England

Liverpool : From Cavern to Cathedral

“Imagine I’m in love with you, It’s easy cos it’s true…”  It’s a bit of a crazy leap from Terracotta Army to Beatles, but the Cavern drew me like a magnet.  I left the enthralling exhibition somewhat dazed and wandered in what I hoped was the direction of the Beatles’ old haunt.  Alone, and beginning to feel weary from an early start, I hovered beside Cilla, trying to find the confidence to descend those steps.  If in doubt, have a glass of wine?  Perhaps not the best motto for life, but I retreated to a nearby restaurant, overlooking the comings and goings on Mathew St., and gathered my courage over a very nice chicken curry.

I needn’t have worried.  It was early evening and the warm up ‘lad’, Tony Skeggs, was on, and what a very fine job he made of it.  I was soon singing away, balanced on my stool, without a care in the world.  Aside from getting back to the hotel afterwards, of course, but eventually I hummed my way ‘home’ without misadventure, and sang myself to sleep.

I had a rough plan for the following day, part of which included a Magical Mystery Tour.  The forecast wasn’t great and I ‘imagined’ I might be better on a bus, but with a dry start I thought I’d do a little exploring on foot first.  Restless always comes naturally.  But first I had a bit of a treat.  The lovely lass on reception in Sleep Eat Love informed me that their new bistro was opening that morning.  Their first ever customer, I was greeted like royalty.  Fortified with scrambled eggs and coffee, that smile still on my face, I ventured forth.

I did try to plot a course to the cathedral on Google Maps, but I’m a pretty hopeless case and soon ended up following my instincts.  That can be disastrous, but I was lucky this day.  Signs for Lime Street Station kept me on track, and right opposite, magnificent St. George’s Square.

Passing the busy station, I paused to gape at the frontage of a grand looking hotel.  I was peering inside, with my usual curiosity, when a cheerful voice said ‘Come on in, love, and have a look!’  I can’t get over the friendliness of the locals.  The cleaner was still hard at work and there was a lovely smell of polish in the air.  I had entered an Aladdin’s cave of Art Deco, being transformed into, of all things, a food court!  I know my daughter would have revelled in the extravagant curls and swirls of Barcelona Bar.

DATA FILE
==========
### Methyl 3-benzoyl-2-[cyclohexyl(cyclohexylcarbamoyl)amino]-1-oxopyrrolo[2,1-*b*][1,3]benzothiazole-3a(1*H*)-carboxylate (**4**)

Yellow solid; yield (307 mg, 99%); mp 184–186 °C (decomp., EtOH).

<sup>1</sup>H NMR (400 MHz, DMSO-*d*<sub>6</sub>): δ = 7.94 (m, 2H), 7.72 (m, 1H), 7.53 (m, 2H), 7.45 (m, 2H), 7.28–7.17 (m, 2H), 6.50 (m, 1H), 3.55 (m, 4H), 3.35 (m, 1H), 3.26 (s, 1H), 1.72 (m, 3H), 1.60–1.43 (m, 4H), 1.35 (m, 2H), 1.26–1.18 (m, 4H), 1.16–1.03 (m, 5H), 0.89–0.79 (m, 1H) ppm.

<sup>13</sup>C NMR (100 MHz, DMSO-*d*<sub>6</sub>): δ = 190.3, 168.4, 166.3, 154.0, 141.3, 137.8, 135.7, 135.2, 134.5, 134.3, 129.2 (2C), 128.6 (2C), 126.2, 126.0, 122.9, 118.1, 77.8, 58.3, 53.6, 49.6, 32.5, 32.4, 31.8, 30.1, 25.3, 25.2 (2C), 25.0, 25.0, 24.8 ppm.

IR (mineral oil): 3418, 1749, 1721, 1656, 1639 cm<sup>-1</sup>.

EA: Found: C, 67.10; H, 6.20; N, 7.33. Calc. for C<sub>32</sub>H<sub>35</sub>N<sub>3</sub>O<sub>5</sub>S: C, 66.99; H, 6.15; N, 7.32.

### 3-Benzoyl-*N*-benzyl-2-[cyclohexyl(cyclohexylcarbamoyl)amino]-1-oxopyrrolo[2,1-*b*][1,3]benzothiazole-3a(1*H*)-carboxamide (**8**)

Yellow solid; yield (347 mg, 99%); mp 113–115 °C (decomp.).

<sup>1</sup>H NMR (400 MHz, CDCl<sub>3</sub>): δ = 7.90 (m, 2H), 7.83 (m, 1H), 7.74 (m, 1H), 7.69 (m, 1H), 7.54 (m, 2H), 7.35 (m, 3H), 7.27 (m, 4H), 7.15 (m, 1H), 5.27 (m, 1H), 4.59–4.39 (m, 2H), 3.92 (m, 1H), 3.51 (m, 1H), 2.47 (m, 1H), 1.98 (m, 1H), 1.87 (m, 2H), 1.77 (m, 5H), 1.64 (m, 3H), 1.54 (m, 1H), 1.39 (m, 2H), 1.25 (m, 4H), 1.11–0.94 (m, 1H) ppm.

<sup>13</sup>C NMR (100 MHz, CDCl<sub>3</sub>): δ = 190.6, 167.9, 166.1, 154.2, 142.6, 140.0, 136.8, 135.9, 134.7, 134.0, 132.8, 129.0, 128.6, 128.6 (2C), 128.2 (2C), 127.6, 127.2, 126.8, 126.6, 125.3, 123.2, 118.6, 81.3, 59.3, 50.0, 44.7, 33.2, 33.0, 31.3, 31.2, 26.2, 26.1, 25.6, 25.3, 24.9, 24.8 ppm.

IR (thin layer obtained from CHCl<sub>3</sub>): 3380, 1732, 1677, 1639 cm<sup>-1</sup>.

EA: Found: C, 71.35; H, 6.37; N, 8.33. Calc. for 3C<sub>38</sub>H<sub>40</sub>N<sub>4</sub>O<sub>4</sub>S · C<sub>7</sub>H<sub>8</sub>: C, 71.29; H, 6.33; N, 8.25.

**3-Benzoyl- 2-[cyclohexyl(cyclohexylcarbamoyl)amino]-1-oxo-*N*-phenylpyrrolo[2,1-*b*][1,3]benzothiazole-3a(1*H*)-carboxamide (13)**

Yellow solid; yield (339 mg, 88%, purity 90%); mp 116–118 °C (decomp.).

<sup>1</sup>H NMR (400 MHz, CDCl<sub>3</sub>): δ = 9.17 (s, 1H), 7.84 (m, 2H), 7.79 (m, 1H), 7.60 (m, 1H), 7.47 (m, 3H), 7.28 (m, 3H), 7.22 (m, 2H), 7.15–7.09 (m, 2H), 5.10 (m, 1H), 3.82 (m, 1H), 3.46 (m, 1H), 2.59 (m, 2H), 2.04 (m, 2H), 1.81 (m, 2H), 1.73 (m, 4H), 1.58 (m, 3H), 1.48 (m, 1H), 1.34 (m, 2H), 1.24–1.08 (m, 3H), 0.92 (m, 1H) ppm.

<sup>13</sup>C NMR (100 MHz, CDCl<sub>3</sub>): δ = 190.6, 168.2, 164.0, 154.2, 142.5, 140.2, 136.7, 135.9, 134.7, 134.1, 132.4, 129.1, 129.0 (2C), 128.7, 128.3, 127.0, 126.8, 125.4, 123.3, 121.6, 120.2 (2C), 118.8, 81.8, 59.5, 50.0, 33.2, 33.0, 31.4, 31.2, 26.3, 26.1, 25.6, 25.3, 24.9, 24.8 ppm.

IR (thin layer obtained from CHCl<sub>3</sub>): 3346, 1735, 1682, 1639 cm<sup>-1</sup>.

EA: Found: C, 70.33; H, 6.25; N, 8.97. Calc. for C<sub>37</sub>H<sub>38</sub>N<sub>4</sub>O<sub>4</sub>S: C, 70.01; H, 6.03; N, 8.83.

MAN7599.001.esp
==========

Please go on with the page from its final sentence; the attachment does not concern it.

Seeing church spires ahead I thought I might have reached the cathedral, but it turned out to be the Bombed Out Church, a rather forlorn relic, whose railings were adorned with poetry.  A sad looking tramp had made it his home.

Strange how such a very large cathedral can become invisible.  I had to ask for directions, but soon I was gazing upwards at the rosy might of the Anglican Cathedral.  Not sure if it was open, I noticed a couple coming through a narrow gateway and went to investigate.  I’m so very glad I did because, for the next half hour, I wandered beneath the greenery of St. James’ Gardens.

I was intrigued to discover that the gardens had once been a quarry, from which the stone for most of Liverpool’s public buildings had been cut, in the 18th century.  From 1825 to 1936 it became the city’s main cemetery.  Today it wraps around the cathedral like an ancient skirt.

And what a cathedral!  Designed by Sir Giles Gilbert Scott and built almost entirely of the local pink sandstone, it is the largest in Britain, and the largest Anglican Cathedral in the world.  The foundation stone was laid in 1904 by King Edward VII and it was finally completed 74 years later in 1978.  For me the Lady Chapel was the most beautiful part of the church, and I paused to light a candle in the gallery overlooking this quiet, lovely place.  The stained glass panels depict women of significance from the bible, and important Liverpool women who were missionaries or worked for the poor of the city.  The central space of the cathedral was vast, and laid out at one end was an array of beautifully dressed tables and chairs.  I had read somewhere of a cafe in the cathedral and wondered if I was appropriately dressed to grace one of these tables.  But first, the Tower!

I never can resist a view, even though it usually involves a climb.  There are 3 stages to this one.  First by lift, followed by a narrow corridor that overlooks the bells, then a second lift and 108 steps to the top.  All worth it!  You can, apparently, on a fine day see Blackpool Tower in the distance, but I was more interested in closer range.  And yes, we’ve finally earned a cuppa, so it’s back down again, via the embroidery exhibition, and over to the mezzanine cafe.  I was half disappointed to find that those grand tables weren’t for the likes of me, but I had a lovely chat with a young woman and her daughter, enjoying both the fruity Liverpool cake and listening to her wonderful ‘Scouse’ accent.